There were many successful episodes of monetary competition during the 19th century (in Scotland, Sweden and Australia, among other countries). In this competitive market, banks accepted the notes of the competence, which were regularly taken to the issuer bank in exchange for reserve money (in most cases, gold). Thus, the banking practise in such a scenario created a sort of club of commercial banks which preserved the purchasing power of the money and public confidence in the payment system. Confidence in so-called “clearing houses” was essential. If a bank over-issued paper notes, the rest of the banks could redeem those notes quickly through a clearing house. Thus, the over-extended bank soon suffered the consequences in terms of a fall in its gold and silver reserves, which acted as a corrective to that bank’s unsound policy. However, the effectiveness of the money market adjustments just described relied on the timely running of those clearing houses, so that the imprudent bank could see the consequences of its policy.

In this hypothetical more open money market, competence will restrict the supply of money in the economy, as people will gravitate towards the currency that maintains its purchasing power on a long-term basis. As far as sustainable economic growth is concerned, this would be a blessing.

Juan Castañeda

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Artículo originalmente publicado en GoldMoney Research, el 9 de Enero de 2012:


Un alegato en favor de la competencia monetaria

La competencia en el mercado monetario es hoy en día casi un mito, casi olvidado, una especie de leyenda de la economía liberal clásica condenada a ocupar un espacio marginal en los libros de historia. Casi ningún estudiante de economía ni siquiera sabe que la competencia entre distintos emisores de billetes fue la norma y no la excepción durante muchos años. Lo que es aún peor, casi nadie se preocupa ya por ello, dando por hecho que el dinero del banco central es el único posible o, a la luz de los desastres monetarios y financieros vividos desde 2007, el menor de los males posibles. Ello no sólo supone una verdadera pérdida intelectual para quienes son o quieren terminar siendo economistas, sino también la desaparición del debate público de lo que es de hecho una autentica excepción y anomalía en el funcionamiento de una economía de mercado. Intentaré paliar, si bien muy modestamente, esta atronadora ausencia.

El dinero no es lo que el Estado sancione como tal. Siguiendo al economista austriaco Carl Menger, el dinero es una propiedad, una cualidad de los bienes . De hecho, el dinero ha sido siempre, y sigue siendo, todo bien que nos sirve para (1) realizar transacciones y (2) atesorar y conservar el valor de parte de nuestra riqueza. A lo largo de siglos, diría mejor milenios, la práctica comercial cotidiana ha ido seleccionando naturalmente los bienes que mejor cumplían ambas funciones. Primero lo fueron los bienes más necesarios y de uso general, como el ganado, el grano o la sal; luego, ya fuera por sus altos costes de transporte y de almacenamiento, ya fuera por su escasa durabilidad e imposibilidad de ser fraccionados en pequeñas unidades, los comerciantes y consumidores fueron optando por los metales preciosos por su facilidad para transportar valor de pago en el tiempo y en el espacio, con el menor coste posible. Eran, en definitiva, medios eficientes para liquidar operaciones y deudas, así como conservar riqueza; lo que F. Hayek, siguiendo a Menger, entendía como una elevada dinerabilidad de estos bienes, en alusión a su elevada liquidez.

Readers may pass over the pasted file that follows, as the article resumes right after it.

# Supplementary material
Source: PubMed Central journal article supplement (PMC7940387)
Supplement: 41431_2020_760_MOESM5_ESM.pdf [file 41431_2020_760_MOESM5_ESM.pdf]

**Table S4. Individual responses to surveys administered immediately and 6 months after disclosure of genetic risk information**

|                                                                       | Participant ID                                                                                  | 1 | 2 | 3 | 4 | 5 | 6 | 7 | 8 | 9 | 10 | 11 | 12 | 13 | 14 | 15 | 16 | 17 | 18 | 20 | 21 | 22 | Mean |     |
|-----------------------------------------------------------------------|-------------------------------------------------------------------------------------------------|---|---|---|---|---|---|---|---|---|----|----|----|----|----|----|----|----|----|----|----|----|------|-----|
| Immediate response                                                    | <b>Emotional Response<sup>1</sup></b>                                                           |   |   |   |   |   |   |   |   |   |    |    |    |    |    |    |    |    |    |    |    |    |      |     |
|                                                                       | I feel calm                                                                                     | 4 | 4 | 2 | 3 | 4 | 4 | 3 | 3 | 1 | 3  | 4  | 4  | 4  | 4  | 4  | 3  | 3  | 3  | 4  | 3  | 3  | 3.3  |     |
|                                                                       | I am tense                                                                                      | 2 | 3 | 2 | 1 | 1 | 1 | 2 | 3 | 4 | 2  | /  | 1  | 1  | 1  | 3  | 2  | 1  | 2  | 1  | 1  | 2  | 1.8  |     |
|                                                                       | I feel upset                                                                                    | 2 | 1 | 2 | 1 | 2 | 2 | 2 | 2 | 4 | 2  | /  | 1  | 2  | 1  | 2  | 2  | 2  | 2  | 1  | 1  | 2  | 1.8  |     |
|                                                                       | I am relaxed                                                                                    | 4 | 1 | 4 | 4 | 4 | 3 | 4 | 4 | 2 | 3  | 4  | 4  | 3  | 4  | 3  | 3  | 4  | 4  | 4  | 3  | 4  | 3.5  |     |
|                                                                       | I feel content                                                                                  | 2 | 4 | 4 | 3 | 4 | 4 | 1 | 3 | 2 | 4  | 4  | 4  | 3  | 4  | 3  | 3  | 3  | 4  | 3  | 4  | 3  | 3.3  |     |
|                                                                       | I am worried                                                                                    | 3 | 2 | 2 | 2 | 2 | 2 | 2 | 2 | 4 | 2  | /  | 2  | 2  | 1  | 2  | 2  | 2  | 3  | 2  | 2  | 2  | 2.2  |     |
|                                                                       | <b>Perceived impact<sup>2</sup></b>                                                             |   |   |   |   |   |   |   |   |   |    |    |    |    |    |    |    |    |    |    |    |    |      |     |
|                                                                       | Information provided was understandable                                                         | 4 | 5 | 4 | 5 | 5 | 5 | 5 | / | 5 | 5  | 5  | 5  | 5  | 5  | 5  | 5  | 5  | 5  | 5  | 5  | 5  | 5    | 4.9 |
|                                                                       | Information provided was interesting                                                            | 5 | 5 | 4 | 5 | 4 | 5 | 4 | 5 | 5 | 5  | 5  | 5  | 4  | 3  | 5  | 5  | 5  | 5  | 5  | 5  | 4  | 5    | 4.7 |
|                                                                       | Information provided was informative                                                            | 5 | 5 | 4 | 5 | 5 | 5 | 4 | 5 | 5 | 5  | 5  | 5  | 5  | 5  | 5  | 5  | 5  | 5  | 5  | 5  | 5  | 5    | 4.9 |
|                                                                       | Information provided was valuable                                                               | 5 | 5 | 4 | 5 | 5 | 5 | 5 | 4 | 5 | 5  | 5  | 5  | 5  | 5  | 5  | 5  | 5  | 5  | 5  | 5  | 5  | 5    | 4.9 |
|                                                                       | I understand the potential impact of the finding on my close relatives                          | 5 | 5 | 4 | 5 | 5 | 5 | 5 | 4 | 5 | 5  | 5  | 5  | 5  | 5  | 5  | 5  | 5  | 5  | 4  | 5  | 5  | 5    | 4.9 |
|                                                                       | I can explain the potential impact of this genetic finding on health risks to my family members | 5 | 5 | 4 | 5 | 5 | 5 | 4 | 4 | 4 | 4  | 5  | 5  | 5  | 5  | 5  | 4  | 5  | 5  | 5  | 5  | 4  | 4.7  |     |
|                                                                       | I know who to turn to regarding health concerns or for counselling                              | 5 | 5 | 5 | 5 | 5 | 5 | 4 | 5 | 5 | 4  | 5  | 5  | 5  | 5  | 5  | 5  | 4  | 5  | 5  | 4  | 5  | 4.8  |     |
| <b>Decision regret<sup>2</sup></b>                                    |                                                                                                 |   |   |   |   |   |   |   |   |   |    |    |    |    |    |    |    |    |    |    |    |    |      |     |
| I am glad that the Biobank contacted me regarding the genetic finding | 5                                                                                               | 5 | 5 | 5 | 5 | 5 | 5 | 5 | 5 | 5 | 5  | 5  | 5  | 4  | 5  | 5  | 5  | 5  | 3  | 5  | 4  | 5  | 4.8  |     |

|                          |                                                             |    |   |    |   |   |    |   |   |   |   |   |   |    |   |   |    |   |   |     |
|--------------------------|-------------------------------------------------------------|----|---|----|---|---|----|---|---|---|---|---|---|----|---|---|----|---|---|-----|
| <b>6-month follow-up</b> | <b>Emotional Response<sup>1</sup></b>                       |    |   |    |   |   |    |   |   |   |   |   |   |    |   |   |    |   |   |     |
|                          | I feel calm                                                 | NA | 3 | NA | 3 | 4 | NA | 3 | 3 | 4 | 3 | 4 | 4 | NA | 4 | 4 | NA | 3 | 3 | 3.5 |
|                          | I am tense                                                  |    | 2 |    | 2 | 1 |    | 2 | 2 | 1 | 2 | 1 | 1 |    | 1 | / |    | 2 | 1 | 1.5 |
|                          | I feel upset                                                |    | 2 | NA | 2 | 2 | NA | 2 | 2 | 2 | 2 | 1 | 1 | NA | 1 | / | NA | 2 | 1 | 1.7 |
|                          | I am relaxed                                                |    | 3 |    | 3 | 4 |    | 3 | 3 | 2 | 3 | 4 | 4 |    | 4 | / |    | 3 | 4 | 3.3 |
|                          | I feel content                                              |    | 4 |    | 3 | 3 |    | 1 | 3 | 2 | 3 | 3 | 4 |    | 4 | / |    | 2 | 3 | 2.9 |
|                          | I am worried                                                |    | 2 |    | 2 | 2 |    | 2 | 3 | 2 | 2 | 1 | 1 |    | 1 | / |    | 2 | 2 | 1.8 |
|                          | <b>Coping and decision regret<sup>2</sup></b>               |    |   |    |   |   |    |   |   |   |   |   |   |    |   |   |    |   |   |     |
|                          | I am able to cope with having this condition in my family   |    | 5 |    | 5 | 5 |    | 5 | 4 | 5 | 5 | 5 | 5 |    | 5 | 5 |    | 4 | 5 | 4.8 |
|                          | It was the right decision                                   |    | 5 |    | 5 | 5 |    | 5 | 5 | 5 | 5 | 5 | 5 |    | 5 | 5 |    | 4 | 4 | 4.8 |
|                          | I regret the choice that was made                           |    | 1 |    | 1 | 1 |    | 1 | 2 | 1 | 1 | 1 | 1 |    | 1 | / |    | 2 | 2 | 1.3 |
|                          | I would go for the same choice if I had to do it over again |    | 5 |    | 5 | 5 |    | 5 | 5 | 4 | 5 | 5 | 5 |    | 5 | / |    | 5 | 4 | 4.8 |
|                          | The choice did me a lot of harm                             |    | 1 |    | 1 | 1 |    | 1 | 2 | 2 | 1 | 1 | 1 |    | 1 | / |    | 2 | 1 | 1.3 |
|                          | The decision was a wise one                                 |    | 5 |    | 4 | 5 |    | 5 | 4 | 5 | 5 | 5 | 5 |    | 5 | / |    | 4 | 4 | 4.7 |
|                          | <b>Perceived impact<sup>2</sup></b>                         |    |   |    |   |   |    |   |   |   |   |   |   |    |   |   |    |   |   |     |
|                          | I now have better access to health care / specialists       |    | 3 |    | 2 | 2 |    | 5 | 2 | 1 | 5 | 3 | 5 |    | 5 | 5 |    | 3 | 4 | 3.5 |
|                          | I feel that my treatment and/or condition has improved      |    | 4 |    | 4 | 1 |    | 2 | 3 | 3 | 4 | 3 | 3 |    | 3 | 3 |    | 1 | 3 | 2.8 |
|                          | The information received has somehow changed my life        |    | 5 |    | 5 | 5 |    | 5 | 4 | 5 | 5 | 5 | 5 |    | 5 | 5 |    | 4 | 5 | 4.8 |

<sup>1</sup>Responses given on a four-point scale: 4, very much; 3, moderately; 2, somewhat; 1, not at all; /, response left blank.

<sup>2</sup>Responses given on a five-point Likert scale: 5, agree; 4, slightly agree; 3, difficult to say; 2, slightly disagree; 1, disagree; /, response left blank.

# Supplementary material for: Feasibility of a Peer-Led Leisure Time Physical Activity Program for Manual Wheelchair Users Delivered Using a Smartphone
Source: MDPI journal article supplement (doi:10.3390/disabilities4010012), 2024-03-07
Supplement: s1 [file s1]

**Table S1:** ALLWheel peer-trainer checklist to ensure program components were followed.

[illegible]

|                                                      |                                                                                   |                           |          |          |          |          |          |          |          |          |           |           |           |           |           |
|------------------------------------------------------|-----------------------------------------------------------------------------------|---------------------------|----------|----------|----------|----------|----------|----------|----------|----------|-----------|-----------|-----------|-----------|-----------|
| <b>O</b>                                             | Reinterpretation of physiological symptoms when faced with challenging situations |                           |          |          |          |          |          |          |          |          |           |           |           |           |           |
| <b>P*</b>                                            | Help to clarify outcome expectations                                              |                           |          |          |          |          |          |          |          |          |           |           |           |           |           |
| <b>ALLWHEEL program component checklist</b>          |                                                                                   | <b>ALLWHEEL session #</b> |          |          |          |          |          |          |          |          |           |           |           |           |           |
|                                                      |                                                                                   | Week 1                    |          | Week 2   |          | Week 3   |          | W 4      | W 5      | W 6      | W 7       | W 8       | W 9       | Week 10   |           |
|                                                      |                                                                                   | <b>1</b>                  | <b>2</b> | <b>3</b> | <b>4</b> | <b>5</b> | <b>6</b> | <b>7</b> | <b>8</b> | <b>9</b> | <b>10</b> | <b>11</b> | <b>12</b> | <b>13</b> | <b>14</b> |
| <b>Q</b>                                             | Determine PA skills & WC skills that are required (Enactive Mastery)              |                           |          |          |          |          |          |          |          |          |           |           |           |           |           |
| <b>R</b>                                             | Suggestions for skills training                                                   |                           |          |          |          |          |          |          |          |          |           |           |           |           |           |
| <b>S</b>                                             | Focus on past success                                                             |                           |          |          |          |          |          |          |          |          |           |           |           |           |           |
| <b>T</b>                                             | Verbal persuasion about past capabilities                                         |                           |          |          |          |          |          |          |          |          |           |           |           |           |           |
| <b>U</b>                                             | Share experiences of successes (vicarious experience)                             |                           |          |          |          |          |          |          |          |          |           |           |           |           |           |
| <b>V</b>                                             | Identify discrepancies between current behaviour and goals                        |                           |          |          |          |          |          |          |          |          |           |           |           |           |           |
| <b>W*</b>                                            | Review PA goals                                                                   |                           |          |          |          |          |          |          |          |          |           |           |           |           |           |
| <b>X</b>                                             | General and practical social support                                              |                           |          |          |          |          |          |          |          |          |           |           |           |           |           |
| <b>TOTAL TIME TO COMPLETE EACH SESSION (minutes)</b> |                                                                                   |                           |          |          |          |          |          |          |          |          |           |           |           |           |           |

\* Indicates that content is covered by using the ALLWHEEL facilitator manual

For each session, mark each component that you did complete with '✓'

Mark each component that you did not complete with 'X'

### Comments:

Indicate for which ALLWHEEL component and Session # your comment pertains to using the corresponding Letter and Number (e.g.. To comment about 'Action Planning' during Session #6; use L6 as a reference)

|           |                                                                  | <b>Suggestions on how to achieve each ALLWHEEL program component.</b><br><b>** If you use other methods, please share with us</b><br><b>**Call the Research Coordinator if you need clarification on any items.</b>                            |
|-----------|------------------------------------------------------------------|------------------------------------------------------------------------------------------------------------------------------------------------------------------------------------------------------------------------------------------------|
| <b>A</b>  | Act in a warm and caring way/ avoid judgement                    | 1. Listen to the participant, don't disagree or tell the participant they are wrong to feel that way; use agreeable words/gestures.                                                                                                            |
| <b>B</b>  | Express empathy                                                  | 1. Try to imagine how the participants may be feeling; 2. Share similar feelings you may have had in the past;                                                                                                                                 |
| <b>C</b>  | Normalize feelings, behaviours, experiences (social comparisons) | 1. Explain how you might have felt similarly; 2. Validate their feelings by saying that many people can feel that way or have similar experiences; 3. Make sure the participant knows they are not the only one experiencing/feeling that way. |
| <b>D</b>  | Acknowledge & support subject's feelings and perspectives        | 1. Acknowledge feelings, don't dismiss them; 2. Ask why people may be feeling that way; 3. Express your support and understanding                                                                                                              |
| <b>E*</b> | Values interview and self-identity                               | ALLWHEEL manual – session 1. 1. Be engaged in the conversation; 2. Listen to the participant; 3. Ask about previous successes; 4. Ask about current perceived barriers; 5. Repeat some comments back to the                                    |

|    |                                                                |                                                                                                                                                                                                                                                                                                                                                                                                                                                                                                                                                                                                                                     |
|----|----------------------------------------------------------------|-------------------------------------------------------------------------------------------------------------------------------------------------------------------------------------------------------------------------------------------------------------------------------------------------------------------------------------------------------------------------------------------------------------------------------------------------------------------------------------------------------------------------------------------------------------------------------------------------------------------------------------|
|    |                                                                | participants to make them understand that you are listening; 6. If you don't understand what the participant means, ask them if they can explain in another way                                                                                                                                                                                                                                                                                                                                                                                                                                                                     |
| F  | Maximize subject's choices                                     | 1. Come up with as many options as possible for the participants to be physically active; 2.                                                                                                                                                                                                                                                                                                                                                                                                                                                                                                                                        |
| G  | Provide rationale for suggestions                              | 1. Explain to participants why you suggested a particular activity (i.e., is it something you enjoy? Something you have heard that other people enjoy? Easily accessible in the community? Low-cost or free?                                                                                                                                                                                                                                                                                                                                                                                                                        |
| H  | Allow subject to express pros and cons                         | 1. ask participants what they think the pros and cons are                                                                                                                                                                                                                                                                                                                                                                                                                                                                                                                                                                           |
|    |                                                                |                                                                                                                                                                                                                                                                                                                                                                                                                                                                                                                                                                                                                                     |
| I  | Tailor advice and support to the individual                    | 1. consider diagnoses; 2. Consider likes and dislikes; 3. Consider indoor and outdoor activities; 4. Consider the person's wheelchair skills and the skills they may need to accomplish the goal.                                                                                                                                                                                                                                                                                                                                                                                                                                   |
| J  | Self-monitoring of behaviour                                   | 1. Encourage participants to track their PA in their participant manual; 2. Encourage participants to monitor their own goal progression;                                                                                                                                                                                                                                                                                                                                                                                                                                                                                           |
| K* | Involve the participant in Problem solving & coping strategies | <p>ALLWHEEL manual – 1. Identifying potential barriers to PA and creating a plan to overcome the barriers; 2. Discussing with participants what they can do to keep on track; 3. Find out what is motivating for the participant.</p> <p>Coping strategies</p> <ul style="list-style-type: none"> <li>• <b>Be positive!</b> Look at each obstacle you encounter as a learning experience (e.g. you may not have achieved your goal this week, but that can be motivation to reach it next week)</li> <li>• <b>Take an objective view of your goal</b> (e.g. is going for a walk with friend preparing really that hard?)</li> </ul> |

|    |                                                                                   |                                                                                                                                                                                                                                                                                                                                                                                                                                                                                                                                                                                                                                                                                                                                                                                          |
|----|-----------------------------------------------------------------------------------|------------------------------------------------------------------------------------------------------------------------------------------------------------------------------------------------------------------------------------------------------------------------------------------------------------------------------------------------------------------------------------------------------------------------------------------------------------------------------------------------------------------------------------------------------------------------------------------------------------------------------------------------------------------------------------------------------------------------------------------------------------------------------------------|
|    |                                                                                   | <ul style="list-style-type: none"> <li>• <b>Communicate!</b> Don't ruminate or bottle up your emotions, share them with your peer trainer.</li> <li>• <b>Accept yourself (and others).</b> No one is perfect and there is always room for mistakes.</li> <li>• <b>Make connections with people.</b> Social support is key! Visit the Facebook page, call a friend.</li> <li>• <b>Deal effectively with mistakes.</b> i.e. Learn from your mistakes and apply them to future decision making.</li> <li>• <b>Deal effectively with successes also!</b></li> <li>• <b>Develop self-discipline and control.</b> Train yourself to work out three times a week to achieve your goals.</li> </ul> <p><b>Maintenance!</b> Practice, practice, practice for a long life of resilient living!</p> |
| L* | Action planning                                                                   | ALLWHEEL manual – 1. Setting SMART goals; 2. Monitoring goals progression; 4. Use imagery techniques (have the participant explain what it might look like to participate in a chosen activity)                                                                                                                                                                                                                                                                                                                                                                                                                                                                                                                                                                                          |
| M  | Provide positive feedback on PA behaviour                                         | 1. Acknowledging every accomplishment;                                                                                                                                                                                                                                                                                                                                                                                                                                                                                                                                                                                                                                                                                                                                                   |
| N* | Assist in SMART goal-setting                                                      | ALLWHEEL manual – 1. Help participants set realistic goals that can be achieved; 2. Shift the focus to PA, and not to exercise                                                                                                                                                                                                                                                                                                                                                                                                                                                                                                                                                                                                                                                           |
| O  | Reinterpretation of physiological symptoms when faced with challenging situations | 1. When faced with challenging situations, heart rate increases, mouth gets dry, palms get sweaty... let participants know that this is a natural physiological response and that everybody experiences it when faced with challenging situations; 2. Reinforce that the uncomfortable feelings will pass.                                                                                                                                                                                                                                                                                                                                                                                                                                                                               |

Por supuesto que los Estados regularon la fineza y peso de las monedas y las acuñaron, y claro que recibían un beneficio por ello (el llamado señoreaje de emisión). Pero esto no implica que sea el único que pueda emitir dinero. Con la sustitución de las monedas metálicas por el papel moneda el Estado encontró en el monopolio de emisión de billetes una fuente privilegiada de financiación. Y lo hizo declarando los billetes del banco central como los únicos billetes de curso legal, una cláusula que eliminaba de raíz toda posibilidad de competencia. Los gobiernos de turno habían encontrado una cómoda manera de obtener ingresos a través del aumento de la emisión de billetes del banco central (lo que multiplicó su señoreaje de emisión).

Ahora bien, ha habido muchos ejemplos exitosos de competencia monetaria a lo largo del siglo XIX tanto en Escocia, como en Suecia y Australia (entre otros casos). Por regla general, los emisores encontraron beneficioso para todos ellos la aceptación de los billetes de la competencia, billetes que luego presentaban en el banco emisor correspondiente para ser canjeados por la moneda de reserva (en su mayoría, el oro). Por la vía de los hechos, ello fue creando auténticos clubes de bancos emisores de billetes privados que funcionaron bastante bien, dado que desarrollaron instrumentos que favorecían la circulación y el mantenimiento del poder de compra del dinero. Uno de estos instrumentos esenciales fue la compensación regular y organizada de sus saldos (acreedores y deudores) en las llamadas “cámaras de compensación bancarias”. Si un banco sobre-emitía billetes, éstos llegaban rápidamente a las ventanillas de la competencia, quienes podían acudir con celeridad a dichas cámaras para entregar ese exceso de billetes a cambio del oro correspondiente. La caída de las reservas del banco sobre-emisor pronto detendría esa política de exceso de emisión. La fiabilidad y eficacia de este mecanismo corrector de la inflación monetaria dependía de la rapidez con la que el banco imprudente sufría la merma de sus reservas, consecuencia de su excesiva emisión de medios de pago. Si bien es cuestionable que en el siglo XIX los mecanismos de liquidación de los saldos entre los bancos podían ser más o menos rápidos, en la actualidad el desarrollo tecnológico podría hacerlo en tiempo real, lo que disuadiría de la práctica de políticas imprudentes o excesivamente arriesgadas.

En ese hipotético mercado de concurrencia de emisores de dinero, la propia competencia del mercado limitaría las emisiones de los oferentes, dado que los usuarios sólo aceptarían las monedas y billetes con probado poder de compra a lo largo del tiempo. En definitiva, es la cláusula de curso legal lo que está impidiendo la sana competencia en este ámbito y nos condena a un mercado gobernado por procedimientos no competitivos. 

Juan Castañeda

Nota: Acaba de publicarse en 2011 la edición española del magnífico libro de G. Selgin sobre esta cuestión: La libertad de emisión del dinero bancario. Crítica del monopolio del banco emisor central. Ediciones Aosta, Cato. Madrid.